It’s an old-fashioned concept — dinner and a movie — but landlords are looking at it with newfound interest when they search for tenants to populate a retail center.
“In the past, it was luxurious to go to any movie theater, kind of like air travel in its infancy,” said Bill Miller of Miller Walker Retail Real Estate, which has helped landlords bring in movie theater tenants.“Now, it’s more of a commodity, and people are demanding more of a premium, first-class experience — and they’ll pay more for a better experience. It needs to be better than the 50-inch screen at home.”
The Washington region is seeing an increased number of high-end, food-centric and luxury movie theaters focused on independent films.
At least seven companies have opened or are planning future outposts of those concepts, which can boast such amenities as restaurants inside the theater, reserved seating and novel features like unlimited popcorn and reclining seats.
The new, more formidable theaters arrive at a time when the movie industry as a whole is suffering from sluggish ticket sales and increased competition from at-home options, including Netflix and Blu-ray Discs.
“In the past, it was luxurious to go to any movie theater, kind of like air travel in its infancy,” said Bill Miller of Miller Walker Retail Real Estate, which has helped landlords bring in movie theater tenants, including Silverspot, bound for Rock Spring Centre in Bethesda. “Now, it’s more of a commodity, and people are demanding more of a premium, first-class experience — and they’ll pay more for a better experience. It needs to be better than the 50-inch screen at home.”
Although there aren’t any high-end movie theater companies based the Washington area, the region seems to be drawing more interest than other cities from those types of tenants, according to real estate broker Lance Marine, who has worked with such tenants as Cobb Theatres LLC, which has a location in Leesburg.
“For the most part, this concept is relatively new,” Marine said. “I wouldn’t call these operators small, but you’ll see major chains with thousands of locations, and someone like Cobb only has 15 to 20 units.”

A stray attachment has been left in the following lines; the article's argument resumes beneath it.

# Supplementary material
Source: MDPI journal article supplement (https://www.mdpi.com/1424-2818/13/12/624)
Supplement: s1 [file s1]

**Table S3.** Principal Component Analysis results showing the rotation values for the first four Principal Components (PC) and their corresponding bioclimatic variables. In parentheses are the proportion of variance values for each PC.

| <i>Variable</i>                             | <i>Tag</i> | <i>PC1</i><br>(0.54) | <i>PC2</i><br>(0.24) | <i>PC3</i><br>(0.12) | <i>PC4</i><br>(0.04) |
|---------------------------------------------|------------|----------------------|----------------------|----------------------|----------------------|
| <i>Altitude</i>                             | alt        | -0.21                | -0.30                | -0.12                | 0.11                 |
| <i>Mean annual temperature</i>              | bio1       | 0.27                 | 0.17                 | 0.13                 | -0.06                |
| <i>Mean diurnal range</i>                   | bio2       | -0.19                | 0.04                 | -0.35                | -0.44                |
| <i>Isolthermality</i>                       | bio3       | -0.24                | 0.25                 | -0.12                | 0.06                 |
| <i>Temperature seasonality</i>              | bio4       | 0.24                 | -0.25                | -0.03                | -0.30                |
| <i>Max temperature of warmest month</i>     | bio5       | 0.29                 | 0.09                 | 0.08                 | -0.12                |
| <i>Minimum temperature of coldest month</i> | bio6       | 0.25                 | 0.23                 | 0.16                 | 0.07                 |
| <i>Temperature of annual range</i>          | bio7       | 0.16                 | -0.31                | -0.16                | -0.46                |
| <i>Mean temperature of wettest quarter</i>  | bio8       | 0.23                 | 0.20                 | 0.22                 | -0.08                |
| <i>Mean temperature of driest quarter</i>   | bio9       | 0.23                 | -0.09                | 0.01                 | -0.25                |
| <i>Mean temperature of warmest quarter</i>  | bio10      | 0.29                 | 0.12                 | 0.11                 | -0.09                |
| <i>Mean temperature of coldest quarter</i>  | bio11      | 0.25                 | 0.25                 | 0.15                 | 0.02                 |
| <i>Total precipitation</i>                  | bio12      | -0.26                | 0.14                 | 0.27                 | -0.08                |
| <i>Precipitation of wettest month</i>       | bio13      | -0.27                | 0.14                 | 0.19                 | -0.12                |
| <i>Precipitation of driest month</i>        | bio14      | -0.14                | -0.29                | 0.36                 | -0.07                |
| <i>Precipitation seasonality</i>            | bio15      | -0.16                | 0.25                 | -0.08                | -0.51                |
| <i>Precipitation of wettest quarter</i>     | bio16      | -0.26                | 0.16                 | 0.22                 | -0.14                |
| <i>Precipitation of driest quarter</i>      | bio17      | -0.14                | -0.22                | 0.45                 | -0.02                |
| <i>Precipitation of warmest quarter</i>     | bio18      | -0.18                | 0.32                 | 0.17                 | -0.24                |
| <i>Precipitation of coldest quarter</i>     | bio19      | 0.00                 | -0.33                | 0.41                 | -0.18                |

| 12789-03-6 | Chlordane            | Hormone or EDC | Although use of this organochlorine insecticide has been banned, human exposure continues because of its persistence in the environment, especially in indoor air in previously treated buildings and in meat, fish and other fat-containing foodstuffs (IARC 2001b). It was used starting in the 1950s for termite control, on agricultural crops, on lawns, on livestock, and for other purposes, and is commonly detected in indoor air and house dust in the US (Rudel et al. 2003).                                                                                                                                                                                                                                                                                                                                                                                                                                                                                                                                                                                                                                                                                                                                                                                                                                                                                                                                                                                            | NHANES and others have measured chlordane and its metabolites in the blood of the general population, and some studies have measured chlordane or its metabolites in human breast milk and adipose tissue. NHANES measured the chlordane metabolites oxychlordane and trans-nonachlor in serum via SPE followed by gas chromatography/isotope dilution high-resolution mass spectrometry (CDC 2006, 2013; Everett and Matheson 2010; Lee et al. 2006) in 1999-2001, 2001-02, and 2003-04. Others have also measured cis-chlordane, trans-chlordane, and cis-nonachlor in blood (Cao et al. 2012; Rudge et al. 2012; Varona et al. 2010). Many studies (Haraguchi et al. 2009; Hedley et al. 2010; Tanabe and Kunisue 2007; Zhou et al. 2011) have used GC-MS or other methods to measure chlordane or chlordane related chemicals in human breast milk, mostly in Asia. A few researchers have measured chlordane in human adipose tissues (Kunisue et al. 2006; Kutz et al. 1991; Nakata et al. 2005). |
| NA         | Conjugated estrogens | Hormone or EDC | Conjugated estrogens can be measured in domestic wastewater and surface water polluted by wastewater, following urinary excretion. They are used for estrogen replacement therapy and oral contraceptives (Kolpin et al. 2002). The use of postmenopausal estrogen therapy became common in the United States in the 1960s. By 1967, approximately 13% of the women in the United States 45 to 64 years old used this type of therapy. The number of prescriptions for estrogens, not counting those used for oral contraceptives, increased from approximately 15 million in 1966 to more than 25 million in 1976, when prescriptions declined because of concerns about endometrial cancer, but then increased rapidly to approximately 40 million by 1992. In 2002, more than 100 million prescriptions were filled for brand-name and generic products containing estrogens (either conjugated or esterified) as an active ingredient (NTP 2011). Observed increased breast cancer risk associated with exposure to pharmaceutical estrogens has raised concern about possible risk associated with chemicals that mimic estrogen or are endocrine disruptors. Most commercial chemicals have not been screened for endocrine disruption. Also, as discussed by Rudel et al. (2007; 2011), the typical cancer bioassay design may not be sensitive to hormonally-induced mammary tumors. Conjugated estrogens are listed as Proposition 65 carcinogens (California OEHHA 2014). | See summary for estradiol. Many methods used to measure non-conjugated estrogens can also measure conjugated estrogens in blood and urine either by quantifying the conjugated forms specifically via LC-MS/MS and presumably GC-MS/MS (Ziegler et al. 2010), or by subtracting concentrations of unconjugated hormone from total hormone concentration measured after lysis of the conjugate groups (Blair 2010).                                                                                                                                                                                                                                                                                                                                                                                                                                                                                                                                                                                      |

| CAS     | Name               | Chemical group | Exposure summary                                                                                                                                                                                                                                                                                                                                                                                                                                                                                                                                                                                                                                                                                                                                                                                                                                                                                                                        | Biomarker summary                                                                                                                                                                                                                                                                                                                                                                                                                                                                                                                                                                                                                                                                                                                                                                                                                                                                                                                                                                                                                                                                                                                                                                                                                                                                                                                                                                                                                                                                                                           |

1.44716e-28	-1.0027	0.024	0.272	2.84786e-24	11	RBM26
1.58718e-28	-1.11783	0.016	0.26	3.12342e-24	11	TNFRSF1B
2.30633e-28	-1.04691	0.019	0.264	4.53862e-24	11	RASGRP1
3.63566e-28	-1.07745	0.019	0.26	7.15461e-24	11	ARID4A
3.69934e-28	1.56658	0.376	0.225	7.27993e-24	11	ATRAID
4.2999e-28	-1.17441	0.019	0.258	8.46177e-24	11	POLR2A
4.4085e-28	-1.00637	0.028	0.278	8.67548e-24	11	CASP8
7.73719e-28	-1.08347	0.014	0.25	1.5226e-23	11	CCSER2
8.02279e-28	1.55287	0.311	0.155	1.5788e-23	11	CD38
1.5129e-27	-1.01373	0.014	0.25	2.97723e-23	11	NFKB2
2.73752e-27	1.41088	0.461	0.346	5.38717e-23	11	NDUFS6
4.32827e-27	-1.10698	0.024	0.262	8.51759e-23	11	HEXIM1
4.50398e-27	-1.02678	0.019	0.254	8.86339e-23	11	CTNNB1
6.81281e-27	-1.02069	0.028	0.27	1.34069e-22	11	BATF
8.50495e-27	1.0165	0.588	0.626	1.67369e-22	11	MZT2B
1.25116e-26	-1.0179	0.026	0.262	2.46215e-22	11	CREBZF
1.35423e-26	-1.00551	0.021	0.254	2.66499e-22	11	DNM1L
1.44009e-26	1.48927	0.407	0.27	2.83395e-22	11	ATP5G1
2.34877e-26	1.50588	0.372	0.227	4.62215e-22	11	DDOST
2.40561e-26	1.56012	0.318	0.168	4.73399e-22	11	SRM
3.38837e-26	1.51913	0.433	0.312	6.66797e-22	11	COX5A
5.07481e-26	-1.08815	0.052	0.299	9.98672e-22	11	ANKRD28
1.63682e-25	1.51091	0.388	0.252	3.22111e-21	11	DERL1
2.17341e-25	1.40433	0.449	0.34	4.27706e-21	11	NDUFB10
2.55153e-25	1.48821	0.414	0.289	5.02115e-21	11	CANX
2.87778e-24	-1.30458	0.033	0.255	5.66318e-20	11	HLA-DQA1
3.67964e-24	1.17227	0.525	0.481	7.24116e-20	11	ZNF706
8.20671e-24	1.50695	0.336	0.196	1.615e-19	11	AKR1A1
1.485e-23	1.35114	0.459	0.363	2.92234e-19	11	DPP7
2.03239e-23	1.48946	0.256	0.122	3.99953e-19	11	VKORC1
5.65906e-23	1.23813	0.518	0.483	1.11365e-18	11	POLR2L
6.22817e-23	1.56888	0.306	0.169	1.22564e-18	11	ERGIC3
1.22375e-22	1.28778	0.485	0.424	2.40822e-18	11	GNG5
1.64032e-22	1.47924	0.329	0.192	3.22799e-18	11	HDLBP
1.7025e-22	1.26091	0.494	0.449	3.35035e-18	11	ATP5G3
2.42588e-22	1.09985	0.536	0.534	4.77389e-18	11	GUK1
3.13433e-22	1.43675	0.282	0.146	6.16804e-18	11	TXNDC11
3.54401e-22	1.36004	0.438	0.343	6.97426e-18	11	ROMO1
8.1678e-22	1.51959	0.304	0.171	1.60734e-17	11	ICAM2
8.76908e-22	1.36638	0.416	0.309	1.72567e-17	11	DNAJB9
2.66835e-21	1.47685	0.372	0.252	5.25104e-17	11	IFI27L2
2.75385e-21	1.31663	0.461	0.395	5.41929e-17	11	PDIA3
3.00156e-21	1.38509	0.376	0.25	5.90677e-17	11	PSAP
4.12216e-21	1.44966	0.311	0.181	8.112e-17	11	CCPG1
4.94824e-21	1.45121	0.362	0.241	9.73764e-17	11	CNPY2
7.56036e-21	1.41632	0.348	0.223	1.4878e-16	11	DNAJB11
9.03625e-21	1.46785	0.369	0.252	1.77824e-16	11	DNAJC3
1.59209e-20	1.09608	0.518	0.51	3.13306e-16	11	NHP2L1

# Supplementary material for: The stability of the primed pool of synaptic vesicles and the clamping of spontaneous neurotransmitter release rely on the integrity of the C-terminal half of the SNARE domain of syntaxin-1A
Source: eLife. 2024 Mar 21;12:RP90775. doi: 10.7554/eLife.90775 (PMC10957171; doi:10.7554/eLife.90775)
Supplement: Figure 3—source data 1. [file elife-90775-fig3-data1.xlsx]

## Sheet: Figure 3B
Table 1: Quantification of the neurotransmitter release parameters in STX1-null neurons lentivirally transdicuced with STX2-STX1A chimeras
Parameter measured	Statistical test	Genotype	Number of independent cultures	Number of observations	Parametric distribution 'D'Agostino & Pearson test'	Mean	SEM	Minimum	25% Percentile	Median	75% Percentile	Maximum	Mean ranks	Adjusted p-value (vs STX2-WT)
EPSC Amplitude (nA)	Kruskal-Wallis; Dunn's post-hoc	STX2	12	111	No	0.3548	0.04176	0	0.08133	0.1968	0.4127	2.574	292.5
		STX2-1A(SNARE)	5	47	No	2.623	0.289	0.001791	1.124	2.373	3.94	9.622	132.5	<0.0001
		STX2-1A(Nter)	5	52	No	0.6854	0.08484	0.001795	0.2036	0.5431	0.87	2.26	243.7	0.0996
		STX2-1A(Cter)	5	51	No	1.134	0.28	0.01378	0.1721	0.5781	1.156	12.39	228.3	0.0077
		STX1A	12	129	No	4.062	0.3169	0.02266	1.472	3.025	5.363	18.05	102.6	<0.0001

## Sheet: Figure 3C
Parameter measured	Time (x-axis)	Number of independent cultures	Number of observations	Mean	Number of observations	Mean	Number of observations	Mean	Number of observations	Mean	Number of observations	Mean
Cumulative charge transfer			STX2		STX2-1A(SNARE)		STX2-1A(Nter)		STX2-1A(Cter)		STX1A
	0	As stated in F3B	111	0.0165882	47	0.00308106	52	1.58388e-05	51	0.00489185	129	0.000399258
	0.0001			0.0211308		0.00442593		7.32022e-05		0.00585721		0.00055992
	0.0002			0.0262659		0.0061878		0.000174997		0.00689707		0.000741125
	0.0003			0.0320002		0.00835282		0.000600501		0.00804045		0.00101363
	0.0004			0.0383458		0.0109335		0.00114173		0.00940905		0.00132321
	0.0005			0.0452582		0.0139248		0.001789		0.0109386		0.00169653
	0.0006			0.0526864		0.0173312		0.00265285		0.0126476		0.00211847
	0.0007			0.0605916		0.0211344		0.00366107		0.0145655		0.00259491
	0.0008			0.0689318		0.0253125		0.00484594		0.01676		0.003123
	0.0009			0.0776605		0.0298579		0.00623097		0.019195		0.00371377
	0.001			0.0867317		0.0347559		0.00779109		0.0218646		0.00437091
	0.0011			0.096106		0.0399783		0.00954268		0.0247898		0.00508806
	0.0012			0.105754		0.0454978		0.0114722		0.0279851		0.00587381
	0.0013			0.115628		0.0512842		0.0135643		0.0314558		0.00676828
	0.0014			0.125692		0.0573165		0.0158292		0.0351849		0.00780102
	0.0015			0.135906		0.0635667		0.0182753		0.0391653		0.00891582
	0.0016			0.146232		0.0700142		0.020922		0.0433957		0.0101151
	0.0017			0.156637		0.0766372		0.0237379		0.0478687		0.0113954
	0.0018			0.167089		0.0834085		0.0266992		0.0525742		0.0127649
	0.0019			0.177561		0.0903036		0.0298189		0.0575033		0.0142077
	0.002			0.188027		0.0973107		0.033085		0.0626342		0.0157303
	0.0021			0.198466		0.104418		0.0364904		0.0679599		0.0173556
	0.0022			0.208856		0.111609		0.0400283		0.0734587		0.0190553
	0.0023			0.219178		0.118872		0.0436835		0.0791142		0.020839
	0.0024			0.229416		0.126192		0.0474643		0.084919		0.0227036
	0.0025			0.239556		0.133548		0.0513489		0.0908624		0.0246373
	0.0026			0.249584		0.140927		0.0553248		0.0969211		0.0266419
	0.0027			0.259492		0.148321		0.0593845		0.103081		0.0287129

Alamo Drafthouse Cinema signed lease in Loudoun County because of the community’s appealing demographics, said chain founder Tim League. Additionally, the company has other Northern Virginia locations, which helps with the logistics. Alamo Drafthouse has a reputation as destination theater for movie geeks, with events such as director Q-and-A’s and film festivals.
“I’m a stickler for presentation,” League said. “I want to be that theater designed for movie fans by movie fans.”
The Angelika Film Center at the Mosiac District, a new mixed-use center in Merrifield, is the fifth for the national chain. The brand, owned by Reading International Inc., focuses on independent films, and the Washington area’s highly degreed population means more interest in the Angelika’s foreign and quirky, offbeat films, said Danielle Mouledoux, the company’s promotions and events manager.
Many of the other recent theater additions, including ShowPlace Icon Theatre, iPic Theaters and ArcLight Cinemas, share common amenities. Think stadium seating, pre-shows without advertisements, reserved seating and on-site restaurants for dining during, before or after a show.
“It’s synonymous with having two American Grills,” Marine said. “They have relatively the same menu, but you add some twists to offer a unique experience.”
Landlords seem to be flocking toward those theater concepts when deciding on a merchandising mix for shopping centers, particularly in town-center-styled developments like Rock Spring Centre and the Mosaic District.
“Every developer wants to have some sort of unique offering,” Marine said.”That’s why they’re dying to have, say, an Apple store, because they know there will be only so many in the region.”